Kindness begets kindness.  

So how do we run a farm and work full time? We work together to prioritize, we support each other when things go wrong, and we divide tasks so that we each focus on what we each do best.

Of course, a little silliness helps too. It's very hard to take someone seriously when they have straw in their hair.

Ontario Federation of Agriculture

I am not really entirely certain when the idea began to take shape. But suddenly I found myself smiling and nodding, in agreement to take on the new role.

It began when I got an invitation to attend the Annual Meeting for the Dufferin County Federation of Agriculture (DFA). I made a mental note of the date, intending to go.

Weeks later, I was in discussion on Twitter with Wayne Black, Director for the Ontario Federation of Agriculture (OFA).  Wayne was considering the idea of running for President of the OFA, an idea I strongly supported. Not only is Wayne tech savvy and forward thinking, he comes from a long line of agricultural history and understands the issues in agriculture.  I think Wayne would be a breath of fresh air, and an opportunity for a new voice at the table.

I suggested he attend the DFA meeting with me.  It would be a great opportunity for Wayne to meet folks from Dufferin County, and for me to connect him with local farmers.

So Wayne came, and I found myself sitting next to him as they asked for nominations - looking for Directors for the board.  Wayne raised his hand, and spoke my name.  I suppose I could have declined, but I was secretly thrilled.  A chance to have a voice at the table, an opportunity to learn more about agriculture within the province....I nodded my head. A vote was cast, and voila! I am a Director for the Dufferin County Federation of Agriculture.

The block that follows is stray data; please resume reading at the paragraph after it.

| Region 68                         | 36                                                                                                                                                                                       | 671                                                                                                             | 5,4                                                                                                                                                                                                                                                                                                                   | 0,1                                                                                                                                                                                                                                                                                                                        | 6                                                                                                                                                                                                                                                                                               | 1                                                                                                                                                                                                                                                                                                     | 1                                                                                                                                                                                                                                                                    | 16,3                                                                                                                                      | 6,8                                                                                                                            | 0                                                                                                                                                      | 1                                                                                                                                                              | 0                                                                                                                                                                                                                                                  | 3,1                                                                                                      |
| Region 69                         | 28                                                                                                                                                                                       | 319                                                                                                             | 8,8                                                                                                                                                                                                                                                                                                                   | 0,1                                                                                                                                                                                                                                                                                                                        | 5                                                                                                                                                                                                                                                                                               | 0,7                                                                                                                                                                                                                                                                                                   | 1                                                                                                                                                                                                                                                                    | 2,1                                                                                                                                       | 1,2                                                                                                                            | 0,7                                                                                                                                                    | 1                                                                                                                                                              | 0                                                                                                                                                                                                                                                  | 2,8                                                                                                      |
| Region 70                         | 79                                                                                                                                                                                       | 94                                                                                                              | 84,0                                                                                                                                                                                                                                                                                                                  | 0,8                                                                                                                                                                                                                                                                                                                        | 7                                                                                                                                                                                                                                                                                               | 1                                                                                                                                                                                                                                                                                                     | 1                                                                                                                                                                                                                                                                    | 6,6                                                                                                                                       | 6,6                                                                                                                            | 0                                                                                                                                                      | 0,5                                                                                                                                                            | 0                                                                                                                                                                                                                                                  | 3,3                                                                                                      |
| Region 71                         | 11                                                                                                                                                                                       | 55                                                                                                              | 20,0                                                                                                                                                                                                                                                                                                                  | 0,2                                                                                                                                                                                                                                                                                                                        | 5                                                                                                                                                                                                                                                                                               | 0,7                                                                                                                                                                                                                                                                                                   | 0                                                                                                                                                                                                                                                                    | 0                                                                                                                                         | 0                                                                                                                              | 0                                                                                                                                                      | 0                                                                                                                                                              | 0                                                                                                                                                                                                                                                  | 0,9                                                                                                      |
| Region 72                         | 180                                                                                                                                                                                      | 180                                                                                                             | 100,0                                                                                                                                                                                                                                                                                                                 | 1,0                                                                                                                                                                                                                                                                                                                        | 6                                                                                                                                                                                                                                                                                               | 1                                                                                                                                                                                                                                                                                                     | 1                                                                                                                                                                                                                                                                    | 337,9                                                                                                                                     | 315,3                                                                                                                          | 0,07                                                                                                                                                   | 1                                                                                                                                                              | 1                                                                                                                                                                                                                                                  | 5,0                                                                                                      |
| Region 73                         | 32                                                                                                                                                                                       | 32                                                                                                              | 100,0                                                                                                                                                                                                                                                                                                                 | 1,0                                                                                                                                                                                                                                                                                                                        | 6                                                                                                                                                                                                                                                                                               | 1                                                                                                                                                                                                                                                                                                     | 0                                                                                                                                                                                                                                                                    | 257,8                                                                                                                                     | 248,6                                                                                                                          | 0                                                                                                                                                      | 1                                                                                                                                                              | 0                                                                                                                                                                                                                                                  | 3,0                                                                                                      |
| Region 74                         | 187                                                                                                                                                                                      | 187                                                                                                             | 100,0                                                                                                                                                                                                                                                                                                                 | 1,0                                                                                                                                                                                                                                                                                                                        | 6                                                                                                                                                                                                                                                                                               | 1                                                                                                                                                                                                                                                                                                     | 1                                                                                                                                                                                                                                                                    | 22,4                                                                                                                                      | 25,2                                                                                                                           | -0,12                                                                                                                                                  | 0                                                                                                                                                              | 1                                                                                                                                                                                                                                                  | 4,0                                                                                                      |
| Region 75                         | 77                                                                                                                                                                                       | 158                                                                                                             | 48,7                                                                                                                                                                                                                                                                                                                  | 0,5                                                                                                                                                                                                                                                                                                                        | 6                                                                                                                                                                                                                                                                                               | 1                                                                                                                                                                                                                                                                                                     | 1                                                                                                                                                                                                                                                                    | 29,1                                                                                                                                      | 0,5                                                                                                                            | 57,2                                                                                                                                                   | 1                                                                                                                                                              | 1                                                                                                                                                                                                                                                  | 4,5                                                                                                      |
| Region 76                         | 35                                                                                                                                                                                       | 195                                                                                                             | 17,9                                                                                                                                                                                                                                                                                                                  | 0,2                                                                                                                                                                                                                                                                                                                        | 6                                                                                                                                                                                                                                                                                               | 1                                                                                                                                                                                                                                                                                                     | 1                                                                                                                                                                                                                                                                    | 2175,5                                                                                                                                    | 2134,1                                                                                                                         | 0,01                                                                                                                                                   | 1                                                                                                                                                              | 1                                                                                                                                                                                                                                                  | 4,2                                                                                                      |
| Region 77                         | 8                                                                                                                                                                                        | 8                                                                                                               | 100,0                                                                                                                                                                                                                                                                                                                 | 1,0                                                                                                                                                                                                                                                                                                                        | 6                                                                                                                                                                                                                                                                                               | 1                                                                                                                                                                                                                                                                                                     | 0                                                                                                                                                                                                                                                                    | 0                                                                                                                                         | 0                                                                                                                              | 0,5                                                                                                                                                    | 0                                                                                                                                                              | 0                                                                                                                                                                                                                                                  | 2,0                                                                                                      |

I truly hope that I represent the farmers in my region well, and that they share with me issues or questions they may have.  I am looking forward to this next great adventure!

Tuesday, October 11, 2011

Spectacular Colour

I simply couldn't let the amazing splendour of fall go by without sharing it, it's breathtaking in person. Enjoy!

Thursday, October 6, 2011

I am a Sundowner

It’s often frustrating to have to split my time between the farm and my day job. While a part of my brain is fully aware that one wouldn’t exist without the other, it becomes painfully obvious at times that there are advantages to farming full time. Sadly, one of those advantages is NOT being able to pay the farm mortgage, and so I continue to have a day job!

Fortunately, I love what I do each day. I have a career in something that I enjoy, and am passionate about. Some mornings, I do feel odd as I put on my office hat and take off my farm hat – or literally take off my coveralls to hop into the car with my suit and heels on! The one hour commute allows me to disconnect from the farm and provides time for me to focus on the day ahead at the office. Vice-versa on the route home I begin to leave the office behind and think of farm tasks that wait. The commute becomes my decompression time – or my preparation time. Depending on how you look at it.